Therefore, as God’s chosen people, holy and dearly loved, clothe yourselves with compassion, kindness, humility, gentleness and patience. Bear with each other and forgive one another if any of you has a grievance against someone. Forgive as the Lord forgave you. And over all these virtues put on love, which binds them all together in perfect unity.Colossians 3:12-14
There are a million reasons I like to write about weddings. They are fun, yes, full with beautiful people and festive spirits. Everything is photo-perfect. The venue and the food and the atmosphere are always first class (“The best of the best of the best, sir, with honors”).
People tell great stories and the air is always redolent with promise, with goodwill, with encouragement, and belief.
Yes, there it is, the crown jewel of why weddings are so great. It’s the belief, it’s the idealism, it’s the promise. It’s the hope.
Weddings are the best because they have so much about them that speaks to hope. I guess I am a sucker for a room full of young people believing in promise, and making lifetime commitments grounded in hope.
Such was the case this weekend, at the Old Presbyterian Meeting House in Alexandria, Virginia, and then out at the Army Navy Country Club.
But I’m not talking about blind hope, or wishful thinking snatched out of the air like some prize at a fair. The nature of real hope rests in something foundational, something so real it anchors entire nations and religions; it’s the basis of faith, and commitment, and faithfulness.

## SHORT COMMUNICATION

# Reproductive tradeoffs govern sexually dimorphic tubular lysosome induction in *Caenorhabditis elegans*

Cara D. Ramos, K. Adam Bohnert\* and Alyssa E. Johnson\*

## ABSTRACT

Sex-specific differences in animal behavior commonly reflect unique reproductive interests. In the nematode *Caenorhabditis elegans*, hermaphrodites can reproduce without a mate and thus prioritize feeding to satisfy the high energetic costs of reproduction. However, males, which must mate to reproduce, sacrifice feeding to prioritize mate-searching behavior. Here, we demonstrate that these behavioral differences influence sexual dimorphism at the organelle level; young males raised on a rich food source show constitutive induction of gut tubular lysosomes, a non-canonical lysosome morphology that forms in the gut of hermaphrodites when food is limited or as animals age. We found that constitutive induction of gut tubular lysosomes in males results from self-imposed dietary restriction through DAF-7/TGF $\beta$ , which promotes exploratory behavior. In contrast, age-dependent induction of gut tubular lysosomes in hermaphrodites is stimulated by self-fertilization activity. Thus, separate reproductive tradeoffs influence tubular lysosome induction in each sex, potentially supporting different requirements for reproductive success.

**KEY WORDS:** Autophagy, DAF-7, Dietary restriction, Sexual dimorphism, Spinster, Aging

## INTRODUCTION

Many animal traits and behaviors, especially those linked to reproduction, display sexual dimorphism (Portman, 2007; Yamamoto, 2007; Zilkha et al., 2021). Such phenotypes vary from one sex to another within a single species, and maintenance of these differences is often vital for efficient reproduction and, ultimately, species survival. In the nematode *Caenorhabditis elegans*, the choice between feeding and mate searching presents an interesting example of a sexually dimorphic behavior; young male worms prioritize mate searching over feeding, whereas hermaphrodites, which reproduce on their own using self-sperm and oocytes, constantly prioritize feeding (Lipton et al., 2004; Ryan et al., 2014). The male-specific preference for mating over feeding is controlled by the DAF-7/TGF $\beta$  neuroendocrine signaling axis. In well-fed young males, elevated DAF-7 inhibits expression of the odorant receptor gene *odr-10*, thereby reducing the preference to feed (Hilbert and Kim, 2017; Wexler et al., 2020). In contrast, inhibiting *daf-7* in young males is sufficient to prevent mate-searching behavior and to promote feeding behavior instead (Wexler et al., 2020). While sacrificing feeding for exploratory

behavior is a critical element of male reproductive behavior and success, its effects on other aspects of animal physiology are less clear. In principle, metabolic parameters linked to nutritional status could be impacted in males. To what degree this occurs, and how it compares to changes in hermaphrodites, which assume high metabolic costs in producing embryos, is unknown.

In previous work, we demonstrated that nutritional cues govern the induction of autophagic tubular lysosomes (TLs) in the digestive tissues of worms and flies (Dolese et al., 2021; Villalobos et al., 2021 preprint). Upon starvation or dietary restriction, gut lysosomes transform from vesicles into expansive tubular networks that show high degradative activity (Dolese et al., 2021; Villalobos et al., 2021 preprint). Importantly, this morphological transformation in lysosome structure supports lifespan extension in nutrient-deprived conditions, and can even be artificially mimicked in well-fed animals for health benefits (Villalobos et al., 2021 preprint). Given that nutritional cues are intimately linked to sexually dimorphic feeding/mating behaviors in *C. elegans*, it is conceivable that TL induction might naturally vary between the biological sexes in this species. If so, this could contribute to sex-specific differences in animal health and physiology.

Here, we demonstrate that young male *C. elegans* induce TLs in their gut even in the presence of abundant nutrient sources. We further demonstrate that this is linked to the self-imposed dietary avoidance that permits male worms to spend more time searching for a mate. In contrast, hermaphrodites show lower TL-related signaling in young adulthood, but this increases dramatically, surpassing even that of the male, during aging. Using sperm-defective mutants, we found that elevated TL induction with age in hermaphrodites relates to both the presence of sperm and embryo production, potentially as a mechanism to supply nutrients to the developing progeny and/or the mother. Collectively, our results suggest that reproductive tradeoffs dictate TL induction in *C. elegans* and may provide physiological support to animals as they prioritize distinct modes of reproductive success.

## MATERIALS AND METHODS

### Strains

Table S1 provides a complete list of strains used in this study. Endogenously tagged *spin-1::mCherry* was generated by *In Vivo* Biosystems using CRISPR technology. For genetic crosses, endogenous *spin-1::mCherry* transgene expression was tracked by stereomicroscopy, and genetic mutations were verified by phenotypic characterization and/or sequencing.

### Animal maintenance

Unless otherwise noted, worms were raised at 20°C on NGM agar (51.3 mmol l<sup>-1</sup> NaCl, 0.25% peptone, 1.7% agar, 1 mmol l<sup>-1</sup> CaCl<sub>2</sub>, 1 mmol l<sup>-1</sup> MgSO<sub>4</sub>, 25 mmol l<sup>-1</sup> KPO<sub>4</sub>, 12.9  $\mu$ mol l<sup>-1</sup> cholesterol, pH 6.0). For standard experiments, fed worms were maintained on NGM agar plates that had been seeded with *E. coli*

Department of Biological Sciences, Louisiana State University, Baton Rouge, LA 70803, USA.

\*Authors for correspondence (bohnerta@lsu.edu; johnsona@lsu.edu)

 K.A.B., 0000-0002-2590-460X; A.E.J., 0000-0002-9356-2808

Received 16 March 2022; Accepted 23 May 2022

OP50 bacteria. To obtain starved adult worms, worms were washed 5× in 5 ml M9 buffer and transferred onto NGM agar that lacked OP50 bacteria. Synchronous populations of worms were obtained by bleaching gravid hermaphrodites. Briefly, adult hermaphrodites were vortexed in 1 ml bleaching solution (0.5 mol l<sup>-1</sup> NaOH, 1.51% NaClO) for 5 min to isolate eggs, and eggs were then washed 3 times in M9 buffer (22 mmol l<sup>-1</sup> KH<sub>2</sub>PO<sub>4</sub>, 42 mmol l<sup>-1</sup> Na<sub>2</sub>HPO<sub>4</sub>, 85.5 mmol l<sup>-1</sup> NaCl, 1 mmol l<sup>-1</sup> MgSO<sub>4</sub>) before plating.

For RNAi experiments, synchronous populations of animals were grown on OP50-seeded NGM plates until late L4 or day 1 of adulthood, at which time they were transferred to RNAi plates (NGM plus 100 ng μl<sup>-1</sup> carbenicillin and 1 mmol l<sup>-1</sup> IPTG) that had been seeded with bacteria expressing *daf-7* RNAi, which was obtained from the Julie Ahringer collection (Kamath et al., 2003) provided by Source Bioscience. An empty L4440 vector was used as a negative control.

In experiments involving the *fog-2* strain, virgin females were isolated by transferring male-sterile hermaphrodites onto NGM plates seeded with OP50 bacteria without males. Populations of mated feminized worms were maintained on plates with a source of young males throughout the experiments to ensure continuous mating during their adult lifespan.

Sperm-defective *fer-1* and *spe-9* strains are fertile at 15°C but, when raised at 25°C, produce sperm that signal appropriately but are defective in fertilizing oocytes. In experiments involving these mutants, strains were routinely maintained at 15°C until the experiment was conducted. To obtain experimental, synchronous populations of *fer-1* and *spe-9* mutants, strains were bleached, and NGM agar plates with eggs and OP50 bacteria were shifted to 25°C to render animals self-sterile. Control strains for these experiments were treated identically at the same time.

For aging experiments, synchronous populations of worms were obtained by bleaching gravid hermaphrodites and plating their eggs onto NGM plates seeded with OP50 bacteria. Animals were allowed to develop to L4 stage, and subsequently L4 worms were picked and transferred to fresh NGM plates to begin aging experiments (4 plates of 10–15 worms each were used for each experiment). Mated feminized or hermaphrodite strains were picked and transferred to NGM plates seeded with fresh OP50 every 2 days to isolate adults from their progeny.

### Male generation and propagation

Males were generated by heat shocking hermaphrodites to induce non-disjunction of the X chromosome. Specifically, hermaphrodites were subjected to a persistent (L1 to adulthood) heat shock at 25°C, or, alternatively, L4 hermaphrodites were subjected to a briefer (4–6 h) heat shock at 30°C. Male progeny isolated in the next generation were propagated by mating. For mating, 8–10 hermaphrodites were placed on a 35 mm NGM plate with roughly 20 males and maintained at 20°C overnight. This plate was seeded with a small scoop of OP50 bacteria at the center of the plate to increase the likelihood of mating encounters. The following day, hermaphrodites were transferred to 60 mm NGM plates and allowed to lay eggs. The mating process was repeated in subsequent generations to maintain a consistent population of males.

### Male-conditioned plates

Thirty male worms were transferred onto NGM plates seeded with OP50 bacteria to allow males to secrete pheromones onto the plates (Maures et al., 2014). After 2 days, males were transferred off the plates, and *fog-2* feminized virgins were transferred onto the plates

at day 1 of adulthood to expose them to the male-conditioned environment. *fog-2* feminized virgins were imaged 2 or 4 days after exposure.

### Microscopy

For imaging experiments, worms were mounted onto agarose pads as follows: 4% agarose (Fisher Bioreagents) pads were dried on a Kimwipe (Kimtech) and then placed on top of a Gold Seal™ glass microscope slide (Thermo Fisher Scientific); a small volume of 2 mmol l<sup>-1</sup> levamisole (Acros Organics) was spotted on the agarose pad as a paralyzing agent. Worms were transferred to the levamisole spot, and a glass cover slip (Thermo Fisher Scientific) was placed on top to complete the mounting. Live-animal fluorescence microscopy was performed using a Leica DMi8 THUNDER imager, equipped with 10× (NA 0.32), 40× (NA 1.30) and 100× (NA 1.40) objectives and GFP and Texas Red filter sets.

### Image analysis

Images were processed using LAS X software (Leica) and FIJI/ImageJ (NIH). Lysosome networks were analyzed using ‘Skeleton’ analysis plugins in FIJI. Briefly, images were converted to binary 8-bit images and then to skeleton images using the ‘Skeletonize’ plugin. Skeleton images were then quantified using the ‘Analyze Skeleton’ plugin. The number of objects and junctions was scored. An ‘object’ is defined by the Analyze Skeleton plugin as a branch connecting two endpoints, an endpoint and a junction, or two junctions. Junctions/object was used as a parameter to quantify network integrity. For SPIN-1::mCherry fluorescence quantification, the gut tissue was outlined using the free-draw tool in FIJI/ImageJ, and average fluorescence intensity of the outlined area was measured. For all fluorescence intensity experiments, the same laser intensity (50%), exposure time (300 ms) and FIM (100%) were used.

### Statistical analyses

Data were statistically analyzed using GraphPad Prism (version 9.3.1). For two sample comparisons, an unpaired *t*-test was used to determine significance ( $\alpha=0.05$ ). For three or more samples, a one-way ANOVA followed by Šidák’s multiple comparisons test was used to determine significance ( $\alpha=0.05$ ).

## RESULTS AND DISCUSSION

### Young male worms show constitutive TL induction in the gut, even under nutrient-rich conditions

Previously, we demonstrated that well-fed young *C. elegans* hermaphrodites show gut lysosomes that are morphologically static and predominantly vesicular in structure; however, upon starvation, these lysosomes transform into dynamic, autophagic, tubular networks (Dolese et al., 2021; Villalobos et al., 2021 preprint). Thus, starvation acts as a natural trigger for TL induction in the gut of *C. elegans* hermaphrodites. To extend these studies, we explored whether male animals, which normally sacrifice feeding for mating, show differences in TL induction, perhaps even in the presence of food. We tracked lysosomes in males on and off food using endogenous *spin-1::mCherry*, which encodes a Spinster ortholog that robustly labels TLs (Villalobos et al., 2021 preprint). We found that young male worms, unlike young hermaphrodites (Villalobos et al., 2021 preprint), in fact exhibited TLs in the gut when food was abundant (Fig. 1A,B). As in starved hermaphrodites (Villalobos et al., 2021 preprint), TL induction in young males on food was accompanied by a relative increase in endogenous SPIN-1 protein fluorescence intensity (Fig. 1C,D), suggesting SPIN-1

If you don’t know what I am talking about then it might help to meet our friends the Chipmans. Dana and Karen, along with their three children, were part of our church in Brandon at a pivotal and beautiful time. They are the kind of people who, when you spend time with them, make you believe that everything is going to be okay, that goodness and light will win out over darkness, and that there absolutely will be a better tomorrow because, well, people like the Chipmans exist and that kind of light shines with compelling truth and real power.
This weekend their daughter Meredith married a young man, Chris, and the event was literally saturated with the kind of hope that I have been talking about, the kind of belief this world needs. You could feel it; you could taste it; you could anticipate it.
I cannot overemphasize the critical importance of the call of hope in the making of a life that works, and in the building of not only individual families but our collective life together as a nation.
This is what I heard and saw in Saturday’s wedding. I heard the articulation of what hope is via the scriptures, I heard Chris and Meredith commit themselves to live into hope – together, and I saw a church full of good people stand as witnesses to what is possible, because (as Jesus said in Mark 9:23) “All things are possible for those that believe.”
I think that in this nation, at this moment, we are experiencing a deficit in belief. So maybe this is why the wedding at the Old Presbyterian Meeting House was so good for me, and so beautiful, because it not only encouraged me in my belief, it made a loud splash of purposeful belief that gives me hope for the future too.
Real hope, the kind that reminds me, again, that all things are possible. – DEREK
more pics in a couple of days….
Thank you for reminding us.